In the 1990s, US officials, all of whom would go on to serve in the George W. Bush White House, authored two short, but deeply important policy documents that have subsequently been the guiding force behind every major US foreign policy decision taken since the year 2000 and particularly since 9/11.
These documents include the Defense Planning Guidance for the 1994–99 fiscal years (more commonly known as the Wolfowitz Doctrine). This document, as the name implies was authored by George W. Bush’s deeply influential Deputy Defense Secretary Paul Wolfowitz as well as I. Lewis “Scooter” Libby, who served as an advisor to former US Vice President Dick Cheney.
The other major document, A Clean Break: A New Strategy for Securing the Realm, from 1996 was authored by former Chairman of the Defense Policy Board Advisory Committee in the administration of George W. Bush, Richard Norman Perle.
Both documents provide a simplistic but highly unambiguous blueprint for US foreign police in the Middle East, Russia’s near abroad and East Asia. The contents of the Wolfowitz Doctrine were first published by the New York Times in 1992 after they were leaked to the media. Shortly thereafter, many of the specific threats made in the document were re-written using broader language. In this sense, when comparing the official version with the leaked version, it reads in the manner of the proverbial ‘what I said versus what I meant’ adage.
By contrast, A Clean Break was written in 1996 as a kind of gift to Israeli Prime Minister Benjamin Netanyahu who apparently was not impressed with the document at the time. In spite of this, the US has implemented many of the recommendations in the document in spite of who was/is in power in Tel Aviv.
While many of the recommendations in both documents have indeed been implemented, their overall success rate has been staggeringly bad.
Below are major points from the documents followed by an assessment of their success or failure.
1. Regime change against Saddam Hussein’s Iraq (A Clean Break)
This objective is in many ways both the clearest initial success and also the most strident overall failure.
In 1996, Richard Perle suggested that removing Saddam Hussein from power would be good for the US and Israeli interest because it would weaken a powerful, large Arab state that had poor relations with the US since 1990 and historically poor relations with multiple regimes in Tel Aviv. While Iraq’s President was removed from power by illegal force in 2003, that which happened subsequently, did not deliver the outcome Perle had desired.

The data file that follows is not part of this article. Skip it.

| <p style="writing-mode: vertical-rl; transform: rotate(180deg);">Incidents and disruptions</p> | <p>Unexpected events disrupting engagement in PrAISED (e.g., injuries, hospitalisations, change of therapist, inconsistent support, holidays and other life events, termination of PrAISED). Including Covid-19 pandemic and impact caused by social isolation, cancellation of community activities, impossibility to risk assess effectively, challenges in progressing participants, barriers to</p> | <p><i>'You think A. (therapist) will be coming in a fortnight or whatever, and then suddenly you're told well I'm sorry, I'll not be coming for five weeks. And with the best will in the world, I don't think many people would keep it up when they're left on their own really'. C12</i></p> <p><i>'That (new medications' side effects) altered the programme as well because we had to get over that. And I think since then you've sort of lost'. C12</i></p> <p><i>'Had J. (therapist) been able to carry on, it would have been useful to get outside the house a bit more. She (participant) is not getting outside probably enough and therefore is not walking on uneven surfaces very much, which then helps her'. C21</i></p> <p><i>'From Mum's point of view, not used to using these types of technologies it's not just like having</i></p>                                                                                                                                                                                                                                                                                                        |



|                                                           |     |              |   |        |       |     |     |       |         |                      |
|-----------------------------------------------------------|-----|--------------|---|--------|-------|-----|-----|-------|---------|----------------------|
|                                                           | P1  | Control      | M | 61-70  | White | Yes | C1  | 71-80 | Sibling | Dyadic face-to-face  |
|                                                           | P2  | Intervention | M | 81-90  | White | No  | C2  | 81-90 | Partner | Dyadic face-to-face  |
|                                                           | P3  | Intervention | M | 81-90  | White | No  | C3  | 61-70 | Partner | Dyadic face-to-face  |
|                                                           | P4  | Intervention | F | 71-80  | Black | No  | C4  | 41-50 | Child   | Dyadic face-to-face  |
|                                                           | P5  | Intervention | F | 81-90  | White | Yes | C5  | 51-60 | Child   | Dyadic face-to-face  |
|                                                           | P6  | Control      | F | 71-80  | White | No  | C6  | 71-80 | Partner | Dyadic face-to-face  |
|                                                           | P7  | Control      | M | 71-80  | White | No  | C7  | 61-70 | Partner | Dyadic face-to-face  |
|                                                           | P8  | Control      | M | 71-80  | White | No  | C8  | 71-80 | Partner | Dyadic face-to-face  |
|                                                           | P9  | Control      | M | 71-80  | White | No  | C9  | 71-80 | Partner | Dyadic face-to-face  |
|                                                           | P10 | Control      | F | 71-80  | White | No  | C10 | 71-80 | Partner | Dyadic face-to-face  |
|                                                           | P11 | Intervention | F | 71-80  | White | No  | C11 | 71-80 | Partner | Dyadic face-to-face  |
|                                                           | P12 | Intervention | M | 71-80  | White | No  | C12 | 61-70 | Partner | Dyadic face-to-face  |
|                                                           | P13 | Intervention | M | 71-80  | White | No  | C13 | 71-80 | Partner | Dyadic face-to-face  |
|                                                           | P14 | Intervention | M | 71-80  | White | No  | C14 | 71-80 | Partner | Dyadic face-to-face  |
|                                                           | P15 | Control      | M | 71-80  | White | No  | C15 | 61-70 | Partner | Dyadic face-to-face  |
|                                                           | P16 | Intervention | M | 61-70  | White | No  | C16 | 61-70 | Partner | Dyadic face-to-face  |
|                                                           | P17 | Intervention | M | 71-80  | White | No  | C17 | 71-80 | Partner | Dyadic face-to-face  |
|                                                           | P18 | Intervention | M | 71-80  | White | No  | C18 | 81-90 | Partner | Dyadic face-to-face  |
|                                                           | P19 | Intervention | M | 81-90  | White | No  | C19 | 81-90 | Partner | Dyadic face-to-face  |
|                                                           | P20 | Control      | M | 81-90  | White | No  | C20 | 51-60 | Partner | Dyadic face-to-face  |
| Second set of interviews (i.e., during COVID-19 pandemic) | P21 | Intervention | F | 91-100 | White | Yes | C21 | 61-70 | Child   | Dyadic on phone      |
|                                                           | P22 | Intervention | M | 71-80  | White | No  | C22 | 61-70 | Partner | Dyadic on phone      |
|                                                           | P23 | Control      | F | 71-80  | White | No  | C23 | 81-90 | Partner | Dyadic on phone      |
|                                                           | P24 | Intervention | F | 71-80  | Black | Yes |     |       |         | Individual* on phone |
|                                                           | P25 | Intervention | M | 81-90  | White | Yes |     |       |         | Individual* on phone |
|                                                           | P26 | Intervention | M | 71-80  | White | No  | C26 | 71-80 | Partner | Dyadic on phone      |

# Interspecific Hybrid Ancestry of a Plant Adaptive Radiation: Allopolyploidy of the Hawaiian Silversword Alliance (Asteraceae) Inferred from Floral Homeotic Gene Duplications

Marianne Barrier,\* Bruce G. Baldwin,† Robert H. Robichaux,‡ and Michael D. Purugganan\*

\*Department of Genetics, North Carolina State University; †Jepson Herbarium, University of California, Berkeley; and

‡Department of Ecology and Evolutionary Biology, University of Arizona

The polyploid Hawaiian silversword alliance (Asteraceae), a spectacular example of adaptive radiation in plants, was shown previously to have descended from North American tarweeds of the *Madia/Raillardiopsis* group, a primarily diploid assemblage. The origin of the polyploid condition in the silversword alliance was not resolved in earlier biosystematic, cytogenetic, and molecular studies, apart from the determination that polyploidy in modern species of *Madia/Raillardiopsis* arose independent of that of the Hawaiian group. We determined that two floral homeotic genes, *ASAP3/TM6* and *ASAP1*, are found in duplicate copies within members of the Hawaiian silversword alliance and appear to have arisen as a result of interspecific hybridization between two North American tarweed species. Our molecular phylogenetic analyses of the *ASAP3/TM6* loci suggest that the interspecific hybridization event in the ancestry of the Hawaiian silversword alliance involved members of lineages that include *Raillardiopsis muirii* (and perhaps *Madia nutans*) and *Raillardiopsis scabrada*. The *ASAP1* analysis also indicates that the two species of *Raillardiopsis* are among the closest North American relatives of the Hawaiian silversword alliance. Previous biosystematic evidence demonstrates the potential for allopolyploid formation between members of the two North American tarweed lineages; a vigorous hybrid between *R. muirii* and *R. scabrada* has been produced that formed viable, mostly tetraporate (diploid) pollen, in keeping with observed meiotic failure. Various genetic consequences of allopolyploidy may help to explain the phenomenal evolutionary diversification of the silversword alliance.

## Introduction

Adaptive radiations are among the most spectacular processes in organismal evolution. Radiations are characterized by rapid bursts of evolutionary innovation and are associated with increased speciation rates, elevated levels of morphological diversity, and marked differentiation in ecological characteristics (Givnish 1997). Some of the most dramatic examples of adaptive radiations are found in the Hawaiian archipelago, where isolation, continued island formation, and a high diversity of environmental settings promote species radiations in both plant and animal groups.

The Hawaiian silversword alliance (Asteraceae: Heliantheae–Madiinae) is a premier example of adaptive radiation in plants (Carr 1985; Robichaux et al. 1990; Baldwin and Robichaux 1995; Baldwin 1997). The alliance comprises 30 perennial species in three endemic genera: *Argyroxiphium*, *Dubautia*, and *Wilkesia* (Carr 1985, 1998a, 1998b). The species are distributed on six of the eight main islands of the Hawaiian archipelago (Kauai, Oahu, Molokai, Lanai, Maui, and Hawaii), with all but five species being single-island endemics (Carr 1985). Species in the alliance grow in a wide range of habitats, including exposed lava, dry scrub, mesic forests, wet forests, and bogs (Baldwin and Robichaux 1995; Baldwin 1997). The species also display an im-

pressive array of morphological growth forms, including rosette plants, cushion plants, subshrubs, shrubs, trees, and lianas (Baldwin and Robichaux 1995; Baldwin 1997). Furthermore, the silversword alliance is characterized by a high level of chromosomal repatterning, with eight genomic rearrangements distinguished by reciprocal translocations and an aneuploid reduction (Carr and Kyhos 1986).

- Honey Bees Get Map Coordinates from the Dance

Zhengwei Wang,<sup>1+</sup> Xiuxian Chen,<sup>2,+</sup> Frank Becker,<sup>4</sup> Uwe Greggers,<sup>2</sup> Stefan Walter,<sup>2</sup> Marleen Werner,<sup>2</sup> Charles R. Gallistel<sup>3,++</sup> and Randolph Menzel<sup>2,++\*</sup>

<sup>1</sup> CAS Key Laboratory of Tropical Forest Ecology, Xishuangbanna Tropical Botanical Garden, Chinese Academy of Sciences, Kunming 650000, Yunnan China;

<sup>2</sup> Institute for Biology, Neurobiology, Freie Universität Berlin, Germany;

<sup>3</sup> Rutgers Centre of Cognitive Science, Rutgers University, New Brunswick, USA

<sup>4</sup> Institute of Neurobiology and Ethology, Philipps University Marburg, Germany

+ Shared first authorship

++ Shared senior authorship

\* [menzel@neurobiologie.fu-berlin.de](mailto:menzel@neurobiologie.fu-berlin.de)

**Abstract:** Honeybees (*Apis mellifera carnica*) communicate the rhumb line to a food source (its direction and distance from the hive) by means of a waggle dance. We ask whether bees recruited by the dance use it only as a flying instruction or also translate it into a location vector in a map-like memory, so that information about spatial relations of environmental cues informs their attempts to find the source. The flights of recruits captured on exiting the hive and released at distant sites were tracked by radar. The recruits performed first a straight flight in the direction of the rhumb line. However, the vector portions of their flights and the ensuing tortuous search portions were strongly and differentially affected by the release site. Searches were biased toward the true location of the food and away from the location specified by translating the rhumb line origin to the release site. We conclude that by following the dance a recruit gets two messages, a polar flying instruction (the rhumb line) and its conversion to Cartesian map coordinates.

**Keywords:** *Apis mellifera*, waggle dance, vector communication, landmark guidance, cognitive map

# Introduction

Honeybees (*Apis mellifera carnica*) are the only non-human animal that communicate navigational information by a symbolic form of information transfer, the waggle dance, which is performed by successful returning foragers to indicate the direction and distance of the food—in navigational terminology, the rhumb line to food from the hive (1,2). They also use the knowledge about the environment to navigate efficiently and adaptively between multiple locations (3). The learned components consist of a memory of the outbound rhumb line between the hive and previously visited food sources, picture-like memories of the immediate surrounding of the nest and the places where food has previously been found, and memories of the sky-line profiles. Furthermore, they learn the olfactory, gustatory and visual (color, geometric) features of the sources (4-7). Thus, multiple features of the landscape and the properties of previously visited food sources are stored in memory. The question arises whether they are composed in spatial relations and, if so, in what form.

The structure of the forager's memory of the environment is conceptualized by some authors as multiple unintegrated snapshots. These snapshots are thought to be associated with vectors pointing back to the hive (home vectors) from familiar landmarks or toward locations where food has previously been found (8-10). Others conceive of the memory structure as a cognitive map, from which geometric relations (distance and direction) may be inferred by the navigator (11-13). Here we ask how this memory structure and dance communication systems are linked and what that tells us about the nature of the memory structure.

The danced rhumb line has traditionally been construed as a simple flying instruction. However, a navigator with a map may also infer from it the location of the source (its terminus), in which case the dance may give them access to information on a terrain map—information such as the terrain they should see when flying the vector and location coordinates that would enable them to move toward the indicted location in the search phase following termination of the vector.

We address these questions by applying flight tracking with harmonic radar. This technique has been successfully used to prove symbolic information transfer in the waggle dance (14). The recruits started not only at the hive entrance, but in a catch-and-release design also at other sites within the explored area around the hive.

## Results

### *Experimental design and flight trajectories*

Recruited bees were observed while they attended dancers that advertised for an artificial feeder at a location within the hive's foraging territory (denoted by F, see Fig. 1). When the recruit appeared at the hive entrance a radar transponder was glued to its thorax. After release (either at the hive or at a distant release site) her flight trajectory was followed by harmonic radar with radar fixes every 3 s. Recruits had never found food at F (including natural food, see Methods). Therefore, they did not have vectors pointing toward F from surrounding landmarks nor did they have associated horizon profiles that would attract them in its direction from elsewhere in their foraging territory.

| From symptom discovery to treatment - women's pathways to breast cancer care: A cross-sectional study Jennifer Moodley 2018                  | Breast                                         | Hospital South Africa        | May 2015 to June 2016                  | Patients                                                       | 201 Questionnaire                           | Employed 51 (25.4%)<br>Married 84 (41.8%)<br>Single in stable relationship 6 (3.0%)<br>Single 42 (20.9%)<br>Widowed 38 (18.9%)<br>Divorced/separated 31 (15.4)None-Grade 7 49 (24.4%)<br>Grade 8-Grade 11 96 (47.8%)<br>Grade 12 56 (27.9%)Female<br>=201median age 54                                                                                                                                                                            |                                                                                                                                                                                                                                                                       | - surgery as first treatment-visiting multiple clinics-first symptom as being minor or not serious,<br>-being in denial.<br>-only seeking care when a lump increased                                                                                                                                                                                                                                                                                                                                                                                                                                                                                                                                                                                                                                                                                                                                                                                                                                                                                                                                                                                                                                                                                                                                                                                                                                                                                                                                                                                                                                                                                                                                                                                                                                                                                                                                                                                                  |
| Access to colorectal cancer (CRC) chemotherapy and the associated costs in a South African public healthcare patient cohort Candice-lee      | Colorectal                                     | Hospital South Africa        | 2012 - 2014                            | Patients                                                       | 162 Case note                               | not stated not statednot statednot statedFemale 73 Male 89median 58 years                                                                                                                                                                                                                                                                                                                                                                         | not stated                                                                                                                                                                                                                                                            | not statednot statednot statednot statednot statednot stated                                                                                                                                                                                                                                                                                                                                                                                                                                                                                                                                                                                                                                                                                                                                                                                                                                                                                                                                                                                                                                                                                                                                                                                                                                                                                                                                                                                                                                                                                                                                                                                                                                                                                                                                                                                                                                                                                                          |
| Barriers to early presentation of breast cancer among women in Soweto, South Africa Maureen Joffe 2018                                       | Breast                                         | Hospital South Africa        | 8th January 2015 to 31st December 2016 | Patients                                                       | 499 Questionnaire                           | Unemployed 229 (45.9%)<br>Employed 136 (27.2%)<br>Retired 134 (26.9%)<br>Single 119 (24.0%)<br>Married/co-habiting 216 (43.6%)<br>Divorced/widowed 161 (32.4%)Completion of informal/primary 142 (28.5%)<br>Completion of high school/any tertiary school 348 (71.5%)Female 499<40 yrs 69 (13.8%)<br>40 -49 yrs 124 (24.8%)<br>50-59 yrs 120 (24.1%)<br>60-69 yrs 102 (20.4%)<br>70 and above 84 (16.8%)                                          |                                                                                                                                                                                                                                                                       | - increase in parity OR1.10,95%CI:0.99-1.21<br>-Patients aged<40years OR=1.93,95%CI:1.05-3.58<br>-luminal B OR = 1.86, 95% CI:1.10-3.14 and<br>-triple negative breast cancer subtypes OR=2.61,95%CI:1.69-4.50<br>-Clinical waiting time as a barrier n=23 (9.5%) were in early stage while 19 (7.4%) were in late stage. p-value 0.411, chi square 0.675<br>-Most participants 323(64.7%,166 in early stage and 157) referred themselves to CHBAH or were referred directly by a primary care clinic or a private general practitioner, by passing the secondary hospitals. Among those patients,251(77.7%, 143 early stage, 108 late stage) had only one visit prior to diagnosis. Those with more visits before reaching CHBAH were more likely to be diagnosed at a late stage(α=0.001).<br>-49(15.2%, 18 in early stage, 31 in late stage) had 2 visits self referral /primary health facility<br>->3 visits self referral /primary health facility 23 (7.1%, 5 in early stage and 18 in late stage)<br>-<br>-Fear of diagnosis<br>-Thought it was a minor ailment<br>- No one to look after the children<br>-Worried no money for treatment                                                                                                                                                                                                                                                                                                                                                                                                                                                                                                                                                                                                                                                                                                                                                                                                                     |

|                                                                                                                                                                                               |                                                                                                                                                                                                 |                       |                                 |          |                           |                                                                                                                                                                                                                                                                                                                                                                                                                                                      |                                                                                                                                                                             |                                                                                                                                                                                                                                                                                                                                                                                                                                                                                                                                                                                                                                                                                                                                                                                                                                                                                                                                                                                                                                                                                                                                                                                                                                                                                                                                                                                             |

A Clean Break suggests that a post-Saddam Iraq could and should be ruled by a restored Hashemite dynasty, which was originally overthrown in 1958. Perle continues to suggest that Jordan, the last remaining Hashemite state in the Arab world, could work with Israel and the US to make this happen. Even more absurdly, Perle suggests that a Hashemite would-be union between Jordan and Iraq would be able to command more loyalty from Hezbollah supporters in Lebanon than Iran.
The realities could not be more different. After the illegal 2003 invasion of Iraq, the idea of restoring the Hashemite dynasty was never again floated in any serious forum, as the idea would be simply impossible to implement. There was no will among any major faction in Iraq to restore a monarchy that was overthrown in a revolution in 1958 that many Iraqis continue to look back on with national pride.
Ironically, the biggest Arab bulwark against a resurgent Iran was Saddam Hussein. In the 1980s, the future neo-cons realised this, though they seemingly ignored what they once knew, as early as in 1992.
Since Saddam Hussein’s removal from power and violent execution, Iraq’s majority Shi’a population have generally rallied around Iran politically, militarily and spiritually. Iraq has recently signed a defensive military pact with Iran and it is well known that many of the Shi’a volunteer brigades which are fighting ISIS in Iraq have received training and advice from Iranian experts.
While the US bases in Iraq make a US military presence closer to Iran than it was prior to 2003, by the same token Iran’s influence in the Arab world, especially in Iraq has grown substantially. In any case, the desired illegal ‘regime change’ war against Iran will likely never happen for two reasons. First of all, many in the Pentagon and in Washington moreover, realise that such a war would be an unmitigated disaster for the US and secondly, Iran has many influential international partners that it did not have in the 1990s, primarily Russia. Russia as well as China would not stand for a war on Iran in 2017.
In this sense, the US got very little of what it claimed it wanted in overthrowing Saddam apart from the weakening of a united Iraq.
2. ‘Containing’ Russia and China by preventing them from becoming superpowers (Wolfowitz Doctrine)
This policy has failed on every front. Since the rise of George W. Bush, the first White House adherent to the Wolfowitz Doctrine, Russia and China have risen to a status which means that there are three global superpowers, not the lone American superpower dreamt of by Wolfowitz and Libby.
China’s economic rise has fuelled a more robust stance from Beijing on global affairs. China now vigorously defends its claims in the South China Sea, has continually outflanked the US on the Korean issue, is engaged in the building of One Belt–One Road, the most wide reaching trade and commerce initiative in modern history and has opened its first military base overseas.
At the same time, the People’s Liberation Army continues its modernisation programme, making it as formidable a force which for all practical purposes, is as battle ready and capable as those of the US and Russia, countries which during the Cold War, had far superior armed forces to China.
Likewise, Russia’s return to superpower status, has been equally crushing in respect of the goals of Wolfowitz and Libby. Russia has not only strengthened old alliances but is now an important ally or partner to countries which were former Cold War opponents or otherwise non-aligned countries. This is true in respect of Russia’s alliances and partnerships with China, Pakistan, Turkey, Iran, Philippines and increasingly Indonesia. Russia is also becoming ever closer to South Korea and even Japan.